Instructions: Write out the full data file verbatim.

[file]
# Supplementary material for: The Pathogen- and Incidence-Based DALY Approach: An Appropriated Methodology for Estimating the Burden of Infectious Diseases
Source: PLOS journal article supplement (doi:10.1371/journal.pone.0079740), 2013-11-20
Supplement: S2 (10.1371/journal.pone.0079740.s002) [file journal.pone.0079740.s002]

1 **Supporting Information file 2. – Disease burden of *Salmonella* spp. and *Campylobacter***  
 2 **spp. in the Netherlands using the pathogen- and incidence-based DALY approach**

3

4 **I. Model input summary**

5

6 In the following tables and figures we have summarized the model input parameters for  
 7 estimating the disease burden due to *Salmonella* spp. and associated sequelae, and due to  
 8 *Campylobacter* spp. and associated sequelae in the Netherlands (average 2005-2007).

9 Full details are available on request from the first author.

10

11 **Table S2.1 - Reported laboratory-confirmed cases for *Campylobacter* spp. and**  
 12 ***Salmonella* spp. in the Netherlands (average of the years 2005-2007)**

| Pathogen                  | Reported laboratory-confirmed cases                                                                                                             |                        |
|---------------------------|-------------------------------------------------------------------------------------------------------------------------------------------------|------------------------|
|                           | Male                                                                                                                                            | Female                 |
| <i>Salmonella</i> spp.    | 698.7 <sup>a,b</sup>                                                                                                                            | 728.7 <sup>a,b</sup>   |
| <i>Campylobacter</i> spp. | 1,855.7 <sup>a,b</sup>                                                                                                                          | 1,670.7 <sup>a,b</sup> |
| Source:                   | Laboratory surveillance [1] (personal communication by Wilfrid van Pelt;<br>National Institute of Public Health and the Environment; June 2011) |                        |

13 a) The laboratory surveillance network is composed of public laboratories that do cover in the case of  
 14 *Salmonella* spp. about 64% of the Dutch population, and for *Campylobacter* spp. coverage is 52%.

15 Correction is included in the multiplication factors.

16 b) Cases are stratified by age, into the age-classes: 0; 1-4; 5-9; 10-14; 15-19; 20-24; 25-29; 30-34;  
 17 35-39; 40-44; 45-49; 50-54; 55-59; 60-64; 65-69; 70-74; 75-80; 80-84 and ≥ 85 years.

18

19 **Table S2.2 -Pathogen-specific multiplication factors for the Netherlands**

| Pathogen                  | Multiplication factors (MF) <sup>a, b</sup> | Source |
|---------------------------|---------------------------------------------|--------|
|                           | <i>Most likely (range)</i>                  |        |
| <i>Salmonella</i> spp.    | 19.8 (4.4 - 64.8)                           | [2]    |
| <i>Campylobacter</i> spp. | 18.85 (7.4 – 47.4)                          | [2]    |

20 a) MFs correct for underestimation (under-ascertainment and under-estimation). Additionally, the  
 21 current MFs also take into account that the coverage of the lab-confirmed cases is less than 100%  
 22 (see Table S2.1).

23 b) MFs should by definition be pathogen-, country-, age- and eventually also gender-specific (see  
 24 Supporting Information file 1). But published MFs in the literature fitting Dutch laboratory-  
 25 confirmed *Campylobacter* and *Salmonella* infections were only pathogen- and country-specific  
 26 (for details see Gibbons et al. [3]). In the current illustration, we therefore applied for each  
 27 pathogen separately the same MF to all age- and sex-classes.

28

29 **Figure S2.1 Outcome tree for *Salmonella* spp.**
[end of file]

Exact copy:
# Supplementary material for: The Pathogen- and Incidence-Based DALY Approach: An Appropriated Methodology for Estimating the Burden of Infectious Diseases
Source: PLOS journal article supplement (doi:10.1371/journal.pone.0079740), 2013-11-20
Supplement: S2 (10.1371/journal.pone.0079740.s002) [file journal.pone.0079740.s002]

1 **Supporting Information file 2. – Disease burden of *Salmonella* spp. and *Campylobacter***  
 2 **spp. in the Netherlands using the pathogen- and incidence-based DALY approach**

3

4 **I. Model input summary**

5

6 In the following tables and figures we have summarized the model input parameters for  
 7 estimating the disease burden due to *Salmonella* spp. and associated sequelae, and due to  
 8 *Campylobacter* spp. and associated sequelae in the Netherlands (average 2005-2007).

9 Full details are available on request from the first author.

10

11 **Table S2.1 - Reported laboratory-confirmed cases for *Campylobacter* spp. and**  
 12 ***Salmonella* spp. in the Netherlands (average of the years 2005-2007)**

| Pathogen                  | Reported laboratory-confirmed cases                                                                                                             |                        |
|---------------------------|-------------------------------------------------------------------------------------------------------------------------------------------------|------------------------|
|                           | Male                                                                                                                                            | Female                 |
| <i>Salmonella</i> spp.    | 698.7 <sup>a,b</sup>                                                                                                                            | 728.7 <sup>a,b</sup>   |
| <i>Campylobacter</i> spp. | 1,855.7 <sup>a,b</sup>                                                                                                                          | 1,670.7 <sup>a,b</sup> |
| Source:                   | Laboratory surveillance [1] (personal communication by Wilfrid van Pelt;<br>National Institute of Public Health and the Environment; June 2011) |                        |

13 a) The laboratory surveillance network is composed of public laboratories that do cover in the case of  
 14 *Salmonella* spp. about 64% of the Dutch population, and for *Campylobacter* spp. coverage is 52%.

15 Correction is included in the multiplication factors.

16 b) Cases are stratified by age, into the age-classes: 0; 1-4; 5-9; 10-14; 15-19; 20-24; 25-29; 30-34;  
 17 35-39; 40-44; 45-49; 50-54; 55-59; 60-64; 65-69; 70-74; 75-80; 80-84 and ≥ 85 years.

18

19 **Table S2.2 -Pathogen-specific multiplication factors for the Netherlands**

| Pathogen                  | Multiplication factors (MF) <sup>a, b</sup> | Source |
|---------------------------|---------------------------------------------|--------|
|                           | <i>Most likely (range)</i>                  |        |
| <i>Salmonella</i> spp.    | 19.8 (4.4 - 64.8)                           | [2]    |
| <i>Campylobacter</i> spp. | 18.85 (7.4 – 47.4)                          | [2]    |

20 a) MFs correct for underestimation (under-ascertainment and under-estimation). Additionally, the  
 21 current MFs also take into account that the coverage of the lab-confirmed cases is less than 100%  
 22 (see Table S2.1).

23 b) MFs should by definition be pathogen-, country-, age- and eventually also gender-specific (see  
 24 Supporting Information file 1). But published MFs in the literature fitting Dutch laboratory-  
 25 confirmed *Campylobacter* and *Salmonella* infections were only pathogen- and country-specific  
 26 (for details see Gibbons et al. [3]). In the current illustration, we therefore applied for each  
 27 pathogen separately the same MF to all age- and sex-classes.

28

29 **Figure S2.1 Outcome tree for *Salmonella* spp.**